The Old Heave-Ho
Adult fitness programs targeting the masses with resistance exercise are a recent phenomenon. Until modern times people’s lives were filled with back breaking work. The men chopped wood, dug ditches, hunted, and threw spears. The women did laundry by hand, tended the garden, milked the cows, fed the chickens, and carried the children. Nobody worried about their body mass index. Of greater concern was having enough food for the family.
Today it’s the abundance of food that’s harming us. Couple that with nearly a complete lack of physical activity, and we have an explanation for our present, sorry state. In the not so distant past, formal exercise was unnecessary because people’s lives were filled with exhaustive activity. After having plowed the north forty and spent hours baling hay, the need for rest and recovery was at the top of everyone’s list, not jogging, aerobics class, Bikram Yoga, boot camp, Zumba, or circuit training.
Muscular strength was needed for most of our ancestors’ work. Typically people adapted to the work load over time and eventually grew strong enough to complete a day’s work in a timely manner. The enormity of our physical accomplishments is impressive. Paleontologists tell us that our earliest progenitors trekked out of Africa over a million years ago and populated the globe. Monuments were built and battles fought in the process. It was hard labor that built the Pyramids and Great Wall of China. Masters of the sea circumnavigated the world’s oceans. Wagon trains made their way across the great prairies to America’s West Coast, followed by railroads and, eventually, high flying aircraft. We’ve come so far from the giants which we once were.
There are more examples I can cite. Closer to my home can be found stone walls rambling on for miles across the New Hampshire countryside. This feat was driven home most pointedly a few years ago while cruising along a rural road one sunny winter afternoon. I was amazed to notice that these stone walls wound their way over hills and valleys, never seeming to end. The stones had been unearthed by land owners with plows hoping to till the rocky New Hampshire soil. A likely option for so many stones would be to use them to make walls demarcating property lines and pasture borders. That’s exactly what was done. Simply contemplating the daily chores of the 18th and 19th Century farmer may be enough to give most of us terminal blisters and a double hernia.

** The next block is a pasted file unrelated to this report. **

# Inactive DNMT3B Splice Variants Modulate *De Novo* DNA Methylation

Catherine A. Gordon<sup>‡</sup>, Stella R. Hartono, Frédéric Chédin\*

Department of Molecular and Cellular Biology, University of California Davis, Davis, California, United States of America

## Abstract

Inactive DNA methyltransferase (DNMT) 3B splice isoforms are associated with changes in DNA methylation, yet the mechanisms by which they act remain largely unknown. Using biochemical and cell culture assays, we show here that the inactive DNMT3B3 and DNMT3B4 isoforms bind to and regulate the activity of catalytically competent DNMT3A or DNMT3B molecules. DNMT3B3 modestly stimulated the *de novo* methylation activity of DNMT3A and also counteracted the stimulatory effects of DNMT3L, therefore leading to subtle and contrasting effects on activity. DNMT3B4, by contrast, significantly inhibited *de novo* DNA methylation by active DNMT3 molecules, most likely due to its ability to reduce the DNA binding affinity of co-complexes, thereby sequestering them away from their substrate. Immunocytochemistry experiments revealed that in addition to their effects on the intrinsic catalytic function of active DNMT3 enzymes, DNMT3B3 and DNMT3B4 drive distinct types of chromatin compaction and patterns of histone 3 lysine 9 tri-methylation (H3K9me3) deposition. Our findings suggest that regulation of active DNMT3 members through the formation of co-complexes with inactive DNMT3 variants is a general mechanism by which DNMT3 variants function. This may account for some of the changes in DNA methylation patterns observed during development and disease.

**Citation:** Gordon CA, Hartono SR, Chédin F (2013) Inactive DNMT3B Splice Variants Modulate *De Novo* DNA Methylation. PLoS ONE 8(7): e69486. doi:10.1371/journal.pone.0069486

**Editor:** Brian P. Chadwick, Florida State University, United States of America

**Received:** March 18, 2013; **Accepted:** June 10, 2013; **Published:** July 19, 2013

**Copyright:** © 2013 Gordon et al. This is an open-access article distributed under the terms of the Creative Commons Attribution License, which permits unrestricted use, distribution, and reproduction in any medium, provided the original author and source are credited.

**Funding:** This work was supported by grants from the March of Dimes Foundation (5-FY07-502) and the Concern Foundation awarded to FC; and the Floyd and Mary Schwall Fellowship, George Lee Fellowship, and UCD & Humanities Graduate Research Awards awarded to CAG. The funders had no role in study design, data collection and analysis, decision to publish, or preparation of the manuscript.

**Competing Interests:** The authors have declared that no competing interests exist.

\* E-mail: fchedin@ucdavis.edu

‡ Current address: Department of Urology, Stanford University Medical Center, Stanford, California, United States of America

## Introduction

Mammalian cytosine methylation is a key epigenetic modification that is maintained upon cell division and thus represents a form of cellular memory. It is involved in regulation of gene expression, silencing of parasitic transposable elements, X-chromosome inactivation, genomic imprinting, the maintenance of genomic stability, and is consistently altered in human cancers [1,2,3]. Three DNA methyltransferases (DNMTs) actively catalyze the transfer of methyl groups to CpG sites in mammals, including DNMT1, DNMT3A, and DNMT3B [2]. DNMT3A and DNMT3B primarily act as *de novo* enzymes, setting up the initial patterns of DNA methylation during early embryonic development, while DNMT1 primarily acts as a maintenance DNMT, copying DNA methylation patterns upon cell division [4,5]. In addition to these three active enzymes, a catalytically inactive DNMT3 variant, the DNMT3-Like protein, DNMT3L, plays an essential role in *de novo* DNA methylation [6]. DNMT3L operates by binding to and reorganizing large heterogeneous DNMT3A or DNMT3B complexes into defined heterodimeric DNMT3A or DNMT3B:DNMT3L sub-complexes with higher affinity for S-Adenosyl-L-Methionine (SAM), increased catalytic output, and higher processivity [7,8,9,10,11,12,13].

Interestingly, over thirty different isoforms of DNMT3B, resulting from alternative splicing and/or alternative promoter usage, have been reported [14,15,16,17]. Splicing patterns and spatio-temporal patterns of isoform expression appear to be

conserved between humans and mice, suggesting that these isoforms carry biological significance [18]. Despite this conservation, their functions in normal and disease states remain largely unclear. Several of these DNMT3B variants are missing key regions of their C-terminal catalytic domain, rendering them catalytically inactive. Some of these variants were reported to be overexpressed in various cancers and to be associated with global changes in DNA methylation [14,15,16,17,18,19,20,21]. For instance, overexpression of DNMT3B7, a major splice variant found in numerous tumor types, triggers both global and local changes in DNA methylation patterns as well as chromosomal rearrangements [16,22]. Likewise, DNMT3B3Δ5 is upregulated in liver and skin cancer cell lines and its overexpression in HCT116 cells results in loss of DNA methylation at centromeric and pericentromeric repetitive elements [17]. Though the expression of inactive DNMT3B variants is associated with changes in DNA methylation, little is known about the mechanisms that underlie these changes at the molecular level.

The development of strength traces its origins to the mythical Milo of Crete, who purportedly carried a small calf on his back until it had grown to the size of a large bull. In so doing, the legendary Greek athlete had discovered the principle of progressive resistance exercise and transformed himself into a tower of strength. But then the format of an effective strength development program apparently lay dormant in the human subconscious for two thousand years until rediscovered in isolated pockets here and there among strong man performers in the 19th and early 20th Centuries such as Arthur Saxon, Alan Calvert, Milo Steinborn, Bernarr Mac Fadden, and Eugen Sandow.
Medical science took a bit longer to accept the value of strength exercise. It wasn’t until the publication of Progressive Resistance Exercise in the 1940s by Delorme and Watkins, who used a strength development protocol utilizing three sets of ten repetitions to rehabilitate war casualties, that strength training achieved qualified acceptance by mainstream healthcare providers. Much of the reluctance here may have been because doctors typically saw the results of improper strength training manifest in the form of self induced injuries. If an athlete was fit and injury free, the doctors’ attention would have been directed to other, non-related problems.
Not long after that, a few stalwart young men, in many instances ignoring their coaches warnings about becoming “muscle bound”, sneaked into many a YMCA weight room hoping to grow bigger, faster, and stronger. Sometimes this worked; most of the time it didn’t.
And of the times when it didn’t work, much of the blame can be attributed to having followed an unbalanced program with poor exercise selection and even worse form.
Take the bench press exercise for example. For more years than I care to admit, my friends and I all thought that having a huge, one rep max in the bench press would be our ticket to athletic superiority and a world class physique. To me this was understandable because whenever the subject of strength was brought up, people would always ask, “How much can you bench?”
And the numbers tossed around were so outrageous that one had better be wearing hip high waders because that was when the bull guano began to pile high, though not quite as high as their purported poundages in this ubiquitous lift, though for the most part such tales of rugged athleticism were merely over blown personal fiction.
Hampshire Hills Sports Complex
I can’t say I hadn’t been warned. It was on my return to work after a two week vacation that one of my staff gave me a heads up about a new member named Lenny. Lenny was a high school junior with a bad attitude and dangerous deportment. He claimed to have been a bodybuilder and told anyone polite enough to listen that it would be only a matter of a few months before he would be the next World Professional Bodybuilding Champion .
When I entered the gym, Lenny was already there, loading up the bar for bench presses. I said hello and introduced myself, but he just gave me a vacuous stare and plunked himself down on the bench. “GIVE ME A LIFTOFF!” he commanded me. “I don’t have all day for this y’know!”